Monday, October 22, 2012


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No firm enters the market with the intention of loosing money. Unfortunate for them the risks are always high and almost any company will encounter some sort of obstacles sooner or later. When a firm decides to expand internationally and begin exporting or importing from foreign markets, the business experiences some of its most difficult dilemmas, which include inconsistent foreign laws and regulations, cultural and linguistic differences, as well as social and ethical responsibilities of domestic firms to keep an image of integrity overseas, in the face of a “Politically Correct” friendly society. These issues sound easy to tackle and regulate, but unfortunate to those involved there is not always a clear dividing line that separates legal from illegal and ethical from unethical in a foreign environment. One of the most frequently discussed issues when it comes to the global market involves labor laws, which include child labor, un-safe factory conditions, under paid employees, as well as the legal and ethical responsibility of a firm’s international sub-contractors. Just because a law or regulation is legal in a third world nation, does it justify a developed nation (like the United States) to profit off third world citizens, and get away with practices it could not use domestically, or are we helping countries slum economy? The most famous and frequently mentioned company that is accused of defying these legal and ethical responsibilities is the sports giant Nike.

Nike was started by Phil Knight back in 17 after separating from “Blue Ribbon Sports” which was the forerunner of the mega-empire Nike. Phil Knight realized that the U.S. athletic market was dominated by expensive German made shoes. Knight saw the opportunity in Japan, to subcontract the Onitsuka Tiger Company; a Japanese based athletic shoe company. Knight convinced the Onitsuka Tiger Company that there was a big enough market demand for their athletic shoes, which could directly compete with their German competition. (Nike.Com)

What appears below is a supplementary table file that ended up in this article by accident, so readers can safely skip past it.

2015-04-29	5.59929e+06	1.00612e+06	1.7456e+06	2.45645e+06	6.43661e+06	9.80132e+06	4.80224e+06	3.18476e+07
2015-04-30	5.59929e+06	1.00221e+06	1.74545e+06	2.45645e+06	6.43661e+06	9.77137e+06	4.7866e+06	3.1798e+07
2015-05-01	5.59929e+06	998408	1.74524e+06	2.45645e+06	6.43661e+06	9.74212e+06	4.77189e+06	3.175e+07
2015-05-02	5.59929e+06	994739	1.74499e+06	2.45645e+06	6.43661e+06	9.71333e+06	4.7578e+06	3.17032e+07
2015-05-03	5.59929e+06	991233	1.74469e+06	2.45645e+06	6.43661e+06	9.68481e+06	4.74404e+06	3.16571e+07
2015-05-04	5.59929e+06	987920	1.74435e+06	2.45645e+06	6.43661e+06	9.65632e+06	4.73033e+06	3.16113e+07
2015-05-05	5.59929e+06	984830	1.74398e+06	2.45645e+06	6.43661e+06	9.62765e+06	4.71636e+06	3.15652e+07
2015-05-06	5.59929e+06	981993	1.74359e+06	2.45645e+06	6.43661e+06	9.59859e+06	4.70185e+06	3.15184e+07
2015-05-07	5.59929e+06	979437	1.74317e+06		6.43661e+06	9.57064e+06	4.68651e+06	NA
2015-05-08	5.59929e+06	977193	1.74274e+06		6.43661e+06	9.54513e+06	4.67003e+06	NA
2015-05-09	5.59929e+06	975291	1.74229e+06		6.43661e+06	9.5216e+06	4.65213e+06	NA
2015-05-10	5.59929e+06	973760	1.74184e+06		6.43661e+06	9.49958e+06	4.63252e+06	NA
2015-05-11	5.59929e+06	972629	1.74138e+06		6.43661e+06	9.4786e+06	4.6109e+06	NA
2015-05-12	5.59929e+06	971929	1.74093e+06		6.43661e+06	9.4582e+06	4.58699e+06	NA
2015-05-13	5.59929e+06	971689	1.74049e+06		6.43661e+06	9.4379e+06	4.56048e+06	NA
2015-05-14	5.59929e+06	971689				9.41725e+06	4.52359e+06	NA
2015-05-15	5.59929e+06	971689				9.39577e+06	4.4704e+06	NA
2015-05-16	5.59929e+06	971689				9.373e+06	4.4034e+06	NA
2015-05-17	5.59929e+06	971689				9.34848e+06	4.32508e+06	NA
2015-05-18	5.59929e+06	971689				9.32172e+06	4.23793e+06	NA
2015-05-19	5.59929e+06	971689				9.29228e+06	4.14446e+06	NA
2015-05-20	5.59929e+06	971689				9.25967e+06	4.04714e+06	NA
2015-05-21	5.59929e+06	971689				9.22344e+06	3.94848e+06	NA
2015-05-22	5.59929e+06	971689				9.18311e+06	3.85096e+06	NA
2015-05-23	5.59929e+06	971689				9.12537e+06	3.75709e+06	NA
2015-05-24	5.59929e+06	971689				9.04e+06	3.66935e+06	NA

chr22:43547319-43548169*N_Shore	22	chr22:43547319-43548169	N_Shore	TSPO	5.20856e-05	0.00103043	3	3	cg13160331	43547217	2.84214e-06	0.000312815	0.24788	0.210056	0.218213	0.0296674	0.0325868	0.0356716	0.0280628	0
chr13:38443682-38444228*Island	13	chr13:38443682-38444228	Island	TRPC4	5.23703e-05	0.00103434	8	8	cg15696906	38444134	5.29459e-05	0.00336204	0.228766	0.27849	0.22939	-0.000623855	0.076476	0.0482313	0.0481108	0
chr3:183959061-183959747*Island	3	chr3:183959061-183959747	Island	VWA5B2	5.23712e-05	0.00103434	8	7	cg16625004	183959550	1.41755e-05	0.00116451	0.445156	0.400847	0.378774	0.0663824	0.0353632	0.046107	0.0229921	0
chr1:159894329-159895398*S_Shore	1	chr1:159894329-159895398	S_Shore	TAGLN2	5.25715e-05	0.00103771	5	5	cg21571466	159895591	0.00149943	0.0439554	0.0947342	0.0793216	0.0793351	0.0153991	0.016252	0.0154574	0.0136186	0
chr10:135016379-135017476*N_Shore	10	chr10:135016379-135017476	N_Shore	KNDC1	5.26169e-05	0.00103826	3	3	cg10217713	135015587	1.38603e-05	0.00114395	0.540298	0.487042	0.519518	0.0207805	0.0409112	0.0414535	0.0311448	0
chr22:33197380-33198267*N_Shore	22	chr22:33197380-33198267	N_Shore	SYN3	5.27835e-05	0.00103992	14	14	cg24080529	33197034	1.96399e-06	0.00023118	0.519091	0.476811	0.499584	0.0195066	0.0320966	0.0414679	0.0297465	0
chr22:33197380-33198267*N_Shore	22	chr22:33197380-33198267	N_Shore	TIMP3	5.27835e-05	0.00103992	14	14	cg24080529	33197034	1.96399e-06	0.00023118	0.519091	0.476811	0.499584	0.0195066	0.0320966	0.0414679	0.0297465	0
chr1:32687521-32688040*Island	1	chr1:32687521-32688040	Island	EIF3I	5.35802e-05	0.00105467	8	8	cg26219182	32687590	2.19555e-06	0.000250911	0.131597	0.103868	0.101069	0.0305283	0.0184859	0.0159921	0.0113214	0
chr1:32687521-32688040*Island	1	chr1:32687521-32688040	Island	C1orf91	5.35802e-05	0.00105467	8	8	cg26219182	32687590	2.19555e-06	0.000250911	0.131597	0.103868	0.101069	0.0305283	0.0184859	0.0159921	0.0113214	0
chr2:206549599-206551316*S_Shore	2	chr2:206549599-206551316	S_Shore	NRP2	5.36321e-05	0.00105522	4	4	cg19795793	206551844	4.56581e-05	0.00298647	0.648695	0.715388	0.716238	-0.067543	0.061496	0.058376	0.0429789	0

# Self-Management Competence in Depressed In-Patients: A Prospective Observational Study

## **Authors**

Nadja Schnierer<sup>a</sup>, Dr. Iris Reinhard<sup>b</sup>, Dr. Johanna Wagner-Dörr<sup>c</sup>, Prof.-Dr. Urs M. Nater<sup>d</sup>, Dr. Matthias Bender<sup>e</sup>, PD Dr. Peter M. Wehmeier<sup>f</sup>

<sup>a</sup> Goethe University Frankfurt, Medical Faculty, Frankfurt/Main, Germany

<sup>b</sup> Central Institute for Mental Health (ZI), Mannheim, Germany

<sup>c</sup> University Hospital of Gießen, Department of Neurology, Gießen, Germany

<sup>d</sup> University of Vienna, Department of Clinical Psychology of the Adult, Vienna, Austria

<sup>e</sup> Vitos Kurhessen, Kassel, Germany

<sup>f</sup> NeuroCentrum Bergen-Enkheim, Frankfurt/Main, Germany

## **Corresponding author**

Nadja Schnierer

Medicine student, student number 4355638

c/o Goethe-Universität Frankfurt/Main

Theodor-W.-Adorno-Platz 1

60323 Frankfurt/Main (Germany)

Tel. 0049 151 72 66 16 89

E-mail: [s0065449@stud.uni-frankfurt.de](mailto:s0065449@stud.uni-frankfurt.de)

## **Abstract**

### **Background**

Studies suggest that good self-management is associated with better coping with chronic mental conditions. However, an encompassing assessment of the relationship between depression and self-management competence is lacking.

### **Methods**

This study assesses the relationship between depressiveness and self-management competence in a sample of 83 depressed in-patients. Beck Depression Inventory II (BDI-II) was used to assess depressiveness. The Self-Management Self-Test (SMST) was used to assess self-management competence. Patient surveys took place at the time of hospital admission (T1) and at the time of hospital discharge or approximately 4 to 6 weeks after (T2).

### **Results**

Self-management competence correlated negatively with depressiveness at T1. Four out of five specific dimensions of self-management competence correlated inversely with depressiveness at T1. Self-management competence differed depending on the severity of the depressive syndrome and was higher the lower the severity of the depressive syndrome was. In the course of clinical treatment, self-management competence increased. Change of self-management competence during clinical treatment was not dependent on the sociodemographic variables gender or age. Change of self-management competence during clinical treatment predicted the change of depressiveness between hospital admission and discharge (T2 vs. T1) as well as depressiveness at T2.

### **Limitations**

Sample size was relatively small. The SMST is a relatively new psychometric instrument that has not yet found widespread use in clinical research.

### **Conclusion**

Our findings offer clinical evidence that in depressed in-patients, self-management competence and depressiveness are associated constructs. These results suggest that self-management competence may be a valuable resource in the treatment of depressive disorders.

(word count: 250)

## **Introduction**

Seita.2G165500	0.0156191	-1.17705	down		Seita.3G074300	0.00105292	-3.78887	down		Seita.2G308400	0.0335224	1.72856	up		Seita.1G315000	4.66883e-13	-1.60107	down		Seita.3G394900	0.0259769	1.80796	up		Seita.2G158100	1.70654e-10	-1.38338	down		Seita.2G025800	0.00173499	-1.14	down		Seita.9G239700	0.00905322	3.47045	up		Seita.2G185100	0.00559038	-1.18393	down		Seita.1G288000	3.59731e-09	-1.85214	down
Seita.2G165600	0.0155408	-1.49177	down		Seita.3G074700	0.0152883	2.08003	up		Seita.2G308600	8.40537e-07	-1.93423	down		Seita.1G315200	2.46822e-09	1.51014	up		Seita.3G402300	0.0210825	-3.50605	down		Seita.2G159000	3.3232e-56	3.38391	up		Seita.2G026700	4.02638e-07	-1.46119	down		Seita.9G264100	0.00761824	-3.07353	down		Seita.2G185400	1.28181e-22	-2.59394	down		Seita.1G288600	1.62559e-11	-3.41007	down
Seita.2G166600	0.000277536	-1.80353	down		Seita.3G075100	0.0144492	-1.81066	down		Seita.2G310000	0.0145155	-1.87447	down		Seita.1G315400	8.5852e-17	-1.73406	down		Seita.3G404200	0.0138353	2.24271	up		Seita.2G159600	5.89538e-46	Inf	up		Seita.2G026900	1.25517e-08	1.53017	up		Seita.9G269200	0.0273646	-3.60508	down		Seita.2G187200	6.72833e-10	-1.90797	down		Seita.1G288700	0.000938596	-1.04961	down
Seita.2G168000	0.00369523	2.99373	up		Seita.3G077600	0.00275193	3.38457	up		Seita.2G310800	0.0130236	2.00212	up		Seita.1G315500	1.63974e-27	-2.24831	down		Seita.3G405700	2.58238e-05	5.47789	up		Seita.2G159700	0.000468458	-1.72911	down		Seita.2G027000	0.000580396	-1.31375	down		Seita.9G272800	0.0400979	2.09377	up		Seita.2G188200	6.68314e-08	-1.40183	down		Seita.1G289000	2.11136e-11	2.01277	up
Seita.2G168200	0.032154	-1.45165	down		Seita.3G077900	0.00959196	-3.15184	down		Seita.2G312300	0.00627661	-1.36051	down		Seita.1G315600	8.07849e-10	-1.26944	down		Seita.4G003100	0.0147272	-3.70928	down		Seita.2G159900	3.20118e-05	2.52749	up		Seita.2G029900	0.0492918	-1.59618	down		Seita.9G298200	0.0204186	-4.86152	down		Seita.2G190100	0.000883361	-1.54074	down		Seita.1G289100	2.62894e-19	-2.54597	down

Phil Knight began selling the new shoes out of the trunk of his car at local and regional track meets, and some 5 years later Nike was the world’s leader in shoemaking and controlled over 0% of the U.S. athletic shoe market. (Hoover Online) Then in 17 a crucial blow came to the Nike Corporation, when an internal audit was leaked that revealed unsafe working conditions in a Vietnamese factory, which was run by a sub-contractor of Nike. The leaked audit stated the factory “lacks adequate safety equipment and training, encourages excess overtime, and exposes workers to hazardous chemicals, noise, heat and dust.” ( That same year the Council on American-Islamic Relations (CAIR) objected to a Nike shoe that had a similar word to “Allah” on the heel. A year later, Julia Esmeralda Pleites a Nike sweat shop worker from El Salvador was flown to Washington D.C., by the National Labor Committee, to advocate workers rights. Mrs. Pleites gave devastating statements describing the conditions of the factory she worked in; she described some of the following

“[factory managers]they search you physically. They make the men drop their pants.”

“None of us ever heard of the Nike Code of Conduct, which I am told exists. I am told that companies like Nike say we are treated well and that our rights are respected. That is not true. When I saw the price of a Nike shirt, $75, which would be more than 650 colones(15 ½ days of work) in El Salvador, I couldnt believe it.”

Needless to say these events came as a lethal blow to Nike, and that same year Nike Sales fell 50%. Nike scrambled to put together a vigorous Public Relations campaign defending itself against allegations that it used sweatshops to produce their product. Part of the P&R campaign Nike announced it had given Indonesian workers a 5% minimum-wage increase, and had stopped using child labor. Nike spokesman also noted the companys critics had overlooked reports by CARE (a global relief agency). According to those studies, Workers were not only making enough to meet their basic needs, but had enough to send to their family members in rural areas and still have some discretionary income. Nike donated $4 million to charities and special causes (Big Brothers & Big Sisters, playground construction projects, youth sports leagues and health and education programs) that year. “Nike [also] apologized to Muslims for any unintentional offense, agreed to recall all products carrying the design, introduced training for Nike designers in Islamic imagery and agreed to investigate how the design came about.” The company also agreed to build three playgrounds for the Islamic community to ease tensions.

Some say Nike was targeted because they were the giant in their target market; others say that Nike is the definition of an “evil empire.” Ultimately there is no question through globalization; Nike exploits cheap labor and foreign markets, enabling them to increase revenue in the U.S. Hundreds of other companies are in the same practice, what is important in our modern “Politically Correct” society is not always the truth, but more so how Nike[and others] deal with these issues and treat foreign workers in the eye of the public. Nike sales plummeted (more then 50%) when the company was in the public’s eye; stock fell almost 5% in one month (Yahoo!). As of October 00, Nikes stock had risen 0% from the previous month, and Nike’s stock today has not lost a single penny in value since 16, when the company began to get attacked for labor practices.

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